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Fighting School Failure Isn't Rocket Science -- We Know What Works

In the U.S., 30% of youth fail high school every year, and the vast majority come from poor communities and populations of color. We must solve this problem.
 
 
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In the United States, 30% of youth fail high school every year, and the vast majority come from poor communities and populations of color. We must acknowledge that this is a problem of proportions that cannot be solved with tests or scholarships alone.

Only around 50% of African-American and Hispanic kids ever graduate. And nationwide, only 50% of everyone who is eligible to go to college ever does. Of these few, only 50% ever graduate from college. So we're not just talking about getting a few more kids into college, but about a serious structural problem that requires a serious structural analysis of the causes. Then we can talk solutions.

Unfortunately, a lot of funders fall short of drawing these conclusions.

Over the past 9 years the Bill & Melinda Gates Foundation has made more than $2 billion in grants to help improve high school graduation rates in the USA. Bill Gates himself acknowledges they continue to fall short of their targets. They, like so many others, set admirable targets. In his "Annual Letter" for 2009 Gates suggests our goal as a nation should be to ensure that 80% of students graduate from high school by 2025. The goal has as long a record as the challenge of school failure.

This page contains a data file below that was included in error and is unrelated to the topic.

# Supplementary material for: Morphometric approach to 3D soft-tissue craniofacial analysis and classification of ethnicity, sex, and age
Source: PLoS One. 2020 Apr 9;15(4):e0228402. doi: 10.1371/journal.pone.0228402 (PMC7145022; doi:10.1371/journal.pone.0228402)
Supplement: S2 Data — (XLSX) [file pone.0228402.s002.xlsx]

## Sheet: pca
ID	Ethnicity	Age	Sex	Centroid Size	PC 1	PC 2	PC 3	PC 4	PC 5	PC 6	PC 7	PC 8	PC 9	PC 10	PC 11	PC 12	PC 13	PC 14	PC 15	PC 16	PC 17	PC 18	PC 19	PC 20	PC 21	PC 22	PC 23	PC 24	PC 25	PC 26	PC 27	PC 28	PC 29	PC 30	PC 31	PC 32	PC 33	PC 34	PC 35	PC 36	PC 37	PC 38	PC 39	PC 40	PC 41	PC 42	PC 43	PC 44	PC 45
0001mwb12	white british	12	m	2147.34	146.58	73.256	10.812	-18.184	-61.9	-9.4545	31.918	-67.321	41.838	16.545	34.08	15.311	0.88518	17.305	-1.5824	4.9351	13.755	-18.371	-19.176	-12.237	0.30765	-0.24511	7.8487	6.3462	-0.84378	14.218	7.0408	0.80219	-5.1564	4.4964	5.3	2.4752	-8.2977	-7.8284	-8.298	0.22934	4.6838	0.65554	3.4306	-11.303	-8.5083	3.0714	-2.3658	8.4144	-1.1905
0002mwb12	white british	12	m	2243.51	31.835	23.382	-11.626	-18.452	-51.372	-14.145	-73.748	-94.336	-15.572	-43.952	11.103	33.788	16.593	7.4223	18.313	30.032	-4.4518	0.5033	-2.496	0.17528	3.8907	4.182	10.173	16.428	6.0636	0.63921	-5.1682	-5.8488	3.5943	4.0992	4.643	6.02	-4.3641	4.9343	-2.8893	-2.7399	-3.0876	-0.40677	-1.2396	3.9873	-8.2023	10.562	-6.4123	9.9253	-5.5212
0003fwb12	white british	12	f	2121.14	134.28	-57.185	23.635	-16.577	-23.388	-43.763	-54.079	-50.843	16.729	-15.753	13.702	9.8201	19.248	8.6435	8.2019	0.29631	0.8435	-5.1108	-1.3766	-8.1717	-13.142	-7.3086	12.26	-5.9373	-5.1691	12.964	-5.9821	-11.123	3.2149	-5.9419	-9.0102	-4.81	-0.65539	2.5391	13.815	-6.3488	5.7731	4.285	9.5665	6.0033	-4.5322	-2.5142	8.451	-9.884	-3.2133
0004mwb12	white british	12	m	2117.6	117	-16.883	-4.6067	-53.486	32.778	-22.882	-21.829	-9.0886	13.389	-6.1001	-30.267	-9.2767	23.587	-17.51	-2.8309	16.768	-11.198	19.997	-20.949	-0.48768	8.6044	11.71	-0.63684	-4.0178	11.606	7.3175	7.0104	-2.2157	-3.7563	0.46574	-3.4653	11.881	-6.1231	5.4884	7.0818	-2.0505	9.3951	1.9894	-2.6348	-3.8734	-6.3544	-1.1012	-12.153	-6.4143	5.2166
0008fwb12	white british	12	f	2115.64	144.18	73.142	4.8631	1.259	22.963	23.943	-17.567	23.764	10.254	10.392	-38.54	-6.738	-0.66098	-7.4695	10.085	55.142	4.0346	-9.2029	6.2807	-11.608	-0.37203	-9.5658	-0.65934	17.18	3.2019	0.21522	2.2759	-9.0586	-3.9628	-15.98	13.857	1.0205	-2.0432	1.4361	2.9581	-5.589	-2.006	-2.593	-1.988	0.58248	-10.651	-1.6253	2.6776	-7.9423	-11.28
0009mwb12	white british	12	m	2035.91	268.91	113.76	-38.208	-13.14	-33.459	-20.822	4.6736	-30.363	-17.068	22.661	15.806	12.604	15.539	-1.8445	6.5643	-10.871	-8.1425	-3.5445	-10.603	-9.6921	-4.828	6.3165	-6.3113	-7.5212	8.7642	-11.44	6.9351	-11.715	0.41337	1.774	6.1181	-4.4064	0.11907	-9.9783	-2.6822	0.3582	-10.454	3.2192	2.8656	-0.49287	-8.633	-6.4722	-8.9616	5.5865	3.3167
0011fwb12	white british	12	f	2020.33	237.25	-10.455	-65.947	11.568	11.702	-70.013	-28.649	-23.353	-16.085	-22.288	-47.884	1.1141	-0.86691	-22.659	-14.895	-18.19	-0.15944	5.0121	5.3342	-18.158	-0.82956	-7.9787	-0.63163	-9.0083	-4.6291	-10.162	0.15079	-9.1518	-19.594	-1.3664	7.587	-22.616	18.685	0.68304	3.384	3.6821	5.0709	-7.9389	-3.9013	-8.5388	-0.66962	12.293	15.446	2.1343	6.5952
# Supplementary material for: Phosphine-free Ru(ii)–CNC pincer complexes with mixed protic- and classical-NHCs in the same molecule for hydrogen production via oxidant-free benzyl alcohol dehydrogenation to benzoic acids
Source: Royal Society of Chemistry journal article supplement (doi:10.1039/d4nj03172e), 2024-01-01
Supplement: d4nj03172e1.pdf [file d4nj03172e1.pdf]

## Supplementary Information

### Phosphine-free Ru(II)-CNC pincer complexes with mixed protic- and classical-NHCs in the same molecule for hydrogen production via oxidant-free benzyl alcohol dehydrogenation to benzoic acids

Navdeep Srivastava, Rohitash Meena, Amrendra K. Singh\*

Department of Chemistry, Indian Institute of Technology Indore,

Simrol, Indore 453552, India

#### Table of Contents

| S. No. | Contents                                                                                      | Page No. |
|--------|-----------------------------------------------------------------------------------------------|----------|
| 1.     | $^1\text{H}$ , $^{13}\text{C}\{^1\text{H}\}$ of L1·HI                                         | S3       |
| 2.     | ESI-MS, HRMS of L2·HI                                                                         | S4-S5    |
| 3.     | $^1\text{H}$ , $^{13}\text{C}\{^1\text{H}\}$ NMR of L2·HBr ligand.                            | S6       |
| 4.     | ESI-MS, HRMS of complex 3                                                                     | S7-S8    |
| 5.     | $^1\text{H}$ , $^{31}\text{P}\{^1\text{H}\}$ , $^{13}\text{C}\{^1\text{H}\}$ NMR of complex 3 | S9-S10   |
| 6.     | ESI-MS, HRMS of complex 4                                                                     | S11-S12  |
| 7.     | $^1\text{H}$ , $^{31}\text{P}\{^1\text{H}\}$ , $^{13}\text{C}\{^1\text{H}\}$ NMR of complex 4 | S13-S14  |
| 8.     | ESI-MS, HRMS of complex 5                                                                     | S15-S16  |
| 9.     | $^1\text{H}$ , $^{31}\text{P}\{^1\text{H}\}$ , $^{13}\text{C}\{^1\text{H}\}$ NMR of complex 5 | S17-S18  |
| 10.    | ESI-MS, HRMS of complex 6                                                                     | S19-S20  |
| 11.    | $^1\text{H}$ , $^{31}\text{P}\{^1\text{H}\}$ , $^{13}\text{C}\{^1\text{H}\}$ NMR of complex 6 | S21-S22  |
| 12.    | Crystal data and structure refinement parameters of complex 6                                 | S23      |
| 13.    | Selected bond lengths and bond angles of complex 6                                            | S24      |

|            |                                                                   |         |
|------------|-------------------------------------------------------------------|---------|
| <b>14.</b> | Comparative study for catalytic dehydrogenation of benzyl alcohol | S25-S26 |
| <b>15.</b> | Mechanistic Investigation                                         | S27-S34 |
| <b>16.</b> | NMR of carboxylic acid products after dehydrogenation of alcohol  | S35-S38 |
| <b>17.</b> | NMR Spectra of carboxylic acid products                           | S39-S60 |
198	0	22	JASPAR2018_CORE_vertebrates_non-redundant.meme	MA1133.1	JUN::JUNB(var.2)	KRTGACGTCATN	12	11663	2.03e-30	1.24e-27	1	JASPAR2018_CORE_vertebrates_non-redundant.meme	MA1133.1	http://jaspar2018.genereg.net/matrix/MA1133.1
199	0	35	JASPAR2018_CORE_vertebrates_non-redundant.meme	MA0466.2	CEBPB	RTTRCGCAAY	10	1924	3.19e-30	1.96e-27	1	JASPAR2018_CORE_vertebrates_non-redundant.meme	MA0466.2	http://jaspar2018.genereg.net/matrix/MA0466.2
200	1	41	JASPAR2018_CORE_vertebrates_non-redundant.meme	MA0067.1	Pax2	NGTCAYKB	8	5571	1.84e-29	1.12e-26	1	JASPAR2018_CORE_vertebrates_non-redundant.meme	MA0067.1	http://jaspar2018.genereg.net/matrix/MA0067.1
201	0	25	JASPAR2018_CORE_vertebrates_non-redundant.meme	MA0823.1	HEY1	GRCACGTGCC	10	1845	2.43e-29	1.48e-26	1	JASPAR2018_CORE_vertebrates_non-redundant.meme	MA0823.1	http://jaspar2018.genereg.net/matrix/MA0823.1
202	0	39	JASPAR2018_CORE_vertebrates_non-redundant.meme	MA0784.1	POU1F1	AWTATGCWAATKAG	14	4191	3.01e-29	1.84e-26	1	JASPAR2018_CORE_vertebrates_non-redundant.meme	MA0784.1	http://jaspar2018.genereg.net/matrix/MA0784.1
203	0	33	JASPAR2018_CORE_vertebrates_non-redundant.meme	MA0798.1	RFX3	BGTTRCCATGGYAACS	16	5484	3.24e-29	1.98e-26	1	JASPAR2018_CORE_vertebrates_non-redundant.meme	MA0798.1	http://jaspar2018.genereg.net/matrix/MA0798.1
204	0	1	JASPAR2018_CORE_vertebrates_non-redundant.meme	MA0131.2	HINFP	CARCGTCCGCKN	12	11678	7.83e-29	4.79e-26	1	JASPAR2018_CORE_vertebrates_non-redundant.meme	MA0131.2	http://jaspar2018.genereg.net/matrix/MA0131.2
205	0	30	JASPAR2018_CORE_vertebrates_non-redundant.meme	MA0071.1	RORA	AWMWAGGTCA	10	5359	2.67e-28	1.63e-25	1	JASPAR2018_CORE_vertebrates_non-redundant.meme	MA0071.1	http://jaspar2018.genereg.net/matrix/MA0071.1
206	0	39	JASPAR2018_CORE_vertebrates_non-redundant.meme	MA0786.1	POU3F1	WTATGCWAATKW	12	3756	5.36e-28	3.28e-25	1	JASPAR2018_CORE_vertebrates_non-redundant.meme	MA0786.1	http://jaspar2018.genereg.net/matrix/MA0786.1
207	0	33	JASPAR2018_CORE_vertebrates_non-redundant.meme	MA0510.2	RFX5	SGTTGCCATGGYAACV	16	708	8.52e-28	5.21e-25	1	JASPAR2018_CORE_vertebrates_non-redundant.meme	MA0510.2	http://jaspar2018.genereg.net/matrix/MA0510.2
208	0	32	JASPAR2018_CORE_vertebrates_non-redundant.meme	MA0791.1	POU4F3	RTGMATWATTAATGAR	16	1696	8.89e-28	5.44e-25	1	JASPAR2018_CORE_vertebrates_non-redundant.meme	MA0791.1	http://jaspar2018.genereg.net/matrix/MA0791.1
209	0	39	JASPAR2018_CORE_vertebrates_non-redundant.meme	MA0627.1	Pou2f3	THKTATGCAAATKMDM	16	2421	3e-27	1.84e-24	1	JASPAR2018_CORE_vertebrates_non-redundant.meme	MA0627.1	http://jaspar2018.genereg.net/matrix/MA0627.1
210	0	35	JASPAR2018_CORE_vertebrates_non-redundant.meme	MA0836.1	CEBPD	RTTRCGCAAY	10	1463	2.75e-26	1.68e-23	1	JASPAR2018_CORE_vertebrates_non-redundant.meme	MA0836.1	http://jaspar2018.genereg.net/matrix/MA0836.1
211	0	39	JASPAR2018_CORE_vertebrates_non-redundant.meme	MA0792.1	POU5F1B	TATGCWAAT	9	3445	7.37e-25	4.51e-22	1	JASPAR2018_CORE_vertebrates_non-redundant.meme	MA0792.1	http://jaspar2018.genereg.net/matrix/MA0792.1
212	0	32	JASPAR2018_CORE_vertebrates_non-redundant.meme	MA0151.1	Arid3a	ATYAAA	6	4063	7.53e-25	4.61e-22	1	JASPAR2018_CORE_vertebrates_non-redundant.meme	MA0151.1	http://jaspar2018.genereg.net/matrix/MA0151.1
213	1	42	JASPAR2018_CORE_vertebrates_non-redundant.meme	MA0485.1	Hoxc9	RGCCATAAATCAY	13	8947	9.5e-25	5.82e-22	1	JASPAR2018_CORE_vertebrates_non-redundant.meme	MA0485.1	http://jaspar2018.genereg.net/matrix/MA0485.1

As long as there have been free public schools, the rate of failure has been more or less the same. At different times throughout the 19th and 20th century this has been of more or less consequence because the nature of the economy has changed.

However, the most reliable predictor of student failure throughout history is the background and education level of parents. So in order to solve the problem, you have to look at two things:

How do you replicate the benefits that come from the educational background of parents?

And how can you deal with the absence of these benefits as kids struggle to make it through school?

Here’s where the ethos of school-based service learning, and expansion of national service after college can be the basis of a transformative school reform perspective.

A community can help provide what a parent cannot. In fact, this is critical. Not only can this make a difference in the lives of kids at school, it also addresses the problem that failing students become alienated and all too often end up diminishing their communities. We can mobilize kids in their local communities in ways that affect their school experience and enrich their communities.

Service learning (see last week's post) is the most contemporary and useful way to re-link the chain of cause and effect. Kids can work in the community and learn about useful ways to connect to community life. They can feel useful: learn skills, learn about learning, and apply these gains to their academic studies. At the same time, they are recognized to be of value, and embraced by adults close to home. Adult support is extremely important. Teachers included. That’s why smaller classes matter.

It goes without saying, that a teacher in a class of 15 students can connect to students and their families much more directly and deeply that a teacher in a class of 40. That’s why reducing class sizes has a proven impact on performance.

The connection between teacher and parents, and students and community, through service learning supervision is of inestimal value. It has been showed over and over, both anecdotically and in studies, that a strong connection to an academically successful adult who cares about academic achievement is extremely significant in waking a student to possibilities that seemed entirely out of reach.

 
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